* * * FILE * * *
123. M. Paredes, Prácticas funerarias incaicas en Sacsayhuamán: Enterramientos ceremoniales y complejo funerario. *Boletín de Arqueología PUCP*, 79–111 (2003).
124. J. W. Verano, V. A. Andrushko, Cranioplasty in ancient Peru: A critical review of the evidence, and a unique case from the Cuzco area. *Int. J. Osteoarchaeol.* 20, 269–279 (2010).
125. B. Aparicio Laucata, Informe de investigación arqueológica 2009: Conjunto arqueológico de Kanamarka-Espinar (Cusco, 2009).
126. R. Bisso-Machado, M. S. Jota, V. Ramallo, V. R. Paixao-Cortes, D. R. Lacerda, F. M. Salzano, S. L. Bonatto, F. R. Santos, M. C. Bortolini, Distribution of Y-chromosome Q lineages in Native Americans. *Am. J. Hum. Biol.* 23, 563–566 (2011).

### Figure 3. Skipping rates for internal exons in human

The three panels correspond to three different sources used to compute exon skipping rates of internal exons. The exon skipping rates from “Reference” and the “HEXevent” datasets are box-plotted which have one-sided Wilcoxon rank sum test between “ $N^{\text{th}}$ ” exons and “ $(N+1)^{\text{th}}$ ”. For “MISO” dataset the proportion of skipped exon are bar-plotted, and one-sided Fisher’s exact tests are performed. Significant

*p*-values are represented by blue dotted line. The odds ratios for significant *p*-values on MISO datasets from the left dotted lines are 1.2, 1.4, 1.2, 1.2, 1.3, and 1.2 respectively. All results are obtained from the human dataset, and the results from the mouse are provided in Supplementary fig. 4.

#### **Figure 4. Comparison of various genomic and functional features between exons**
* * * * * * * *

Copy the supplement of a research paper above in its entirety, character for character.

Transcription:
123. M. Paredes, Prácticas funerarias incaicas en Sacsayhuamán: Enterramientos ceremoniales y complejo funerario. *Boletín de Arqueología PUCP*, 79–111 (2003).
124. J. W. Verano, V. A. Andrushko, Cranioplasty in ancient Peru: A critical review of the evidence, and a unique case from the Cuzco area. *Int. J. Osteoarchaeol.* 20, 269–279 (2010).
125. B. Aparicio Laucata, Informe de investigación arqueológica 2009: Conjunto arqueológico de Kanamarka-Espinar (Cusco, 2009).
126. R. Bisso-Machado, M. S. Jota, V. Ramallo, V. R. Paixao-Cortes, D. R. Lacerda, F. M. Salzano, S. L. Bonatto, F. R. Santos, M. C. Bortolini, Distribution of Y-chromosome Q lineages in Native Americans. *Am. J. Hum. Biol.* 23, 563–566 (2011).

### Figure 3. Skipping rates for internal exons in human

The three panels correspond to three different sources used to compute exon skipping rates of internal exons. The exon skipping rates from “Reference” and the “HEXevent” datasets are box-plotted which have one-sided Wilcoxon rank sum test between “ $N^{\text{th}}$ ” exons and “ $(N+1)^{\text{th}}$ ”. For “MISO” dataset the proportion of skipped exon are bar-plotted, and one-sided Fisher’s exact tests are performed. Significant

*p*-values are represented by blue dotted line. The odds ratios for significant *p*-values on MISO datasets from the left dotted lines are 1.2, 1.4, 1.2, 1.2, 1.3, and 1.2 respectively. All results are obtained from the human dataset, and the results from the mouse are provided in Supplementary fig. 4.

#### **Figure 4. Comparison of various genomic and functional features between exons**